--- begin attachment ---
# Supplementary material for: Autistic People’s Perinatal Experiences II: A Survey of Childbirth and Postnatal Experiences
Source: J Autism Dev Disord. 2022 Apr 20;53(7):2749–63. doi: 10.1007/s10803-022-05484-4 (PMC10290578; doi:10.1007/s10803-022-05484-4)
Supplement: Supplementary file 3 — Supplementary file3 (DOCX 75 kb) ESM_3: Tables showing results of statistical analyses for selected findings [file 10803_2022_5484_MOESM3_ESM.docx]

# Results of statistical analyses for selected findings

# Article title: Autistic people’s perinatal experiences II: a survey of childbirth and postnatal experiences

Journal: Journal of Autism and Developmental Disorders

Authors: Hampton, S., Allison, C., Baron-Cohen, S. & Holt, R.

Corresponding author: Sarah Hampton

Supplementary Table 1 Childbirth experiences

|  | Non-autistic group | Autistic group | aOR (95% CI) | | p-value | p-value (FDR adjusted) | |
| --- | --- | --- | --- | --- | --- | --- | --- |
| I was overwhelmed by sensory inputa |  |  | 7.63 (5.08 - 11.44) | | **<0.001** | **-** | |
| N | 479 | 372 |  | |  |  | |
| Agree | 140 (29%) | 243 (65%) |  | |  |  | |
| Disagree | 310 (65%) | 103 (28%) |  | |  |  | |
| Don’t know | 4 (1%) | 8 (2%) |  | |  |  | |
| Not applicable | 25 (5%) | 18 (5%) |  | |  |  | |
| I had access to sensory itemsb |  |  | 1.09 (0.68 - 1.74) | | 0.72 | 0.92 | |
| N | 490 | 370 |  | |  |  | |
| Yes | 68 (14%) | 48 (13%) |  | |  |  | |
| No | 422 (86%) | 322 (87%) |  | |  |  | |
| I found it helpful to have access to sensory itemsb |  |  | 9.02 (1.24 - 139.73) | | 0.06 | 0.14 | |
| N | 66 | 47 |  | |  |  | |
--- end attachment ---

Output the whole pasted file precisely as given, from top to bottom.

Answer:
# Supplementary material for: Autistic People’s Perinatal Experiences II: A Survey of Childbirth and Postnatal Experiences
Source: J Autism Dev Disord. 2022 Apr 20;53(7):2749–63. doi: 10.1007/s10803-022-05484-4 (PMC10290578; doi:10.1007/s10803-022-05484-4)
Supplement: Supplementary file 3 — Supplementary file3 (DOCX 75 kb) ESM_3: Tables showing results of statistical analyses for selected findings [file 10803_2022_5484_MOESM3_ESM.docx]

# Results of statistical analyses for selected findings

# Article title: Autistic people’s perinatal experiences II: a survey of childbirth and postnatal experiences

Journal: Journal of Autism and Developmental Disorders

Authors: Hampton, S., Allison, C., Baron-Cohen, S. & Holt, R.

Corresponding author: Sarah Hampton

Supplementary Table 1 Childbirth experiences

|  | Non-autistic group | Autistic group | aOR (95% CI) | | p-value | p-value (FDR adjusted) | |
| --- | --- | --- | --- | --- | --- | --- | --- |
| I was overwhelmed by sensory inputa |  |  | 7.63 (5.08 - 11.44) | | **<0.001** | **-** | |
| N | 479 | 372 |  | |  |  | |
| Agree | 140 (29%) | 243 (65%) |  | |  |  | |
| Disagree | 310 (65%) | 103 (28%) |  | |  |  | |
| Don’t know | 4 (1%) | 8 (2%) |  | |  |  | |
| Not applicable | 25 (5%) | 18 (5%) |  | |  |  | |
| I had access to sensory itemsb |  |  | 1.09 (0.68 - 1.74) | | 0.72 | 0.92 | |
| N | 490 | 370 |  | |  |  | |
| Yes | 68 (14%) | 48 (13%) |  | |  |  | |
| No | 422 (86%) | 322 (87%) |  | |  |  | |
| I found it helpful to have access to sensory itemsb |  |  | 9.02 (1.24 - 139.73) | | 0.06 | 0.14 | |
| N | 66 | 47 |  | |  |  | |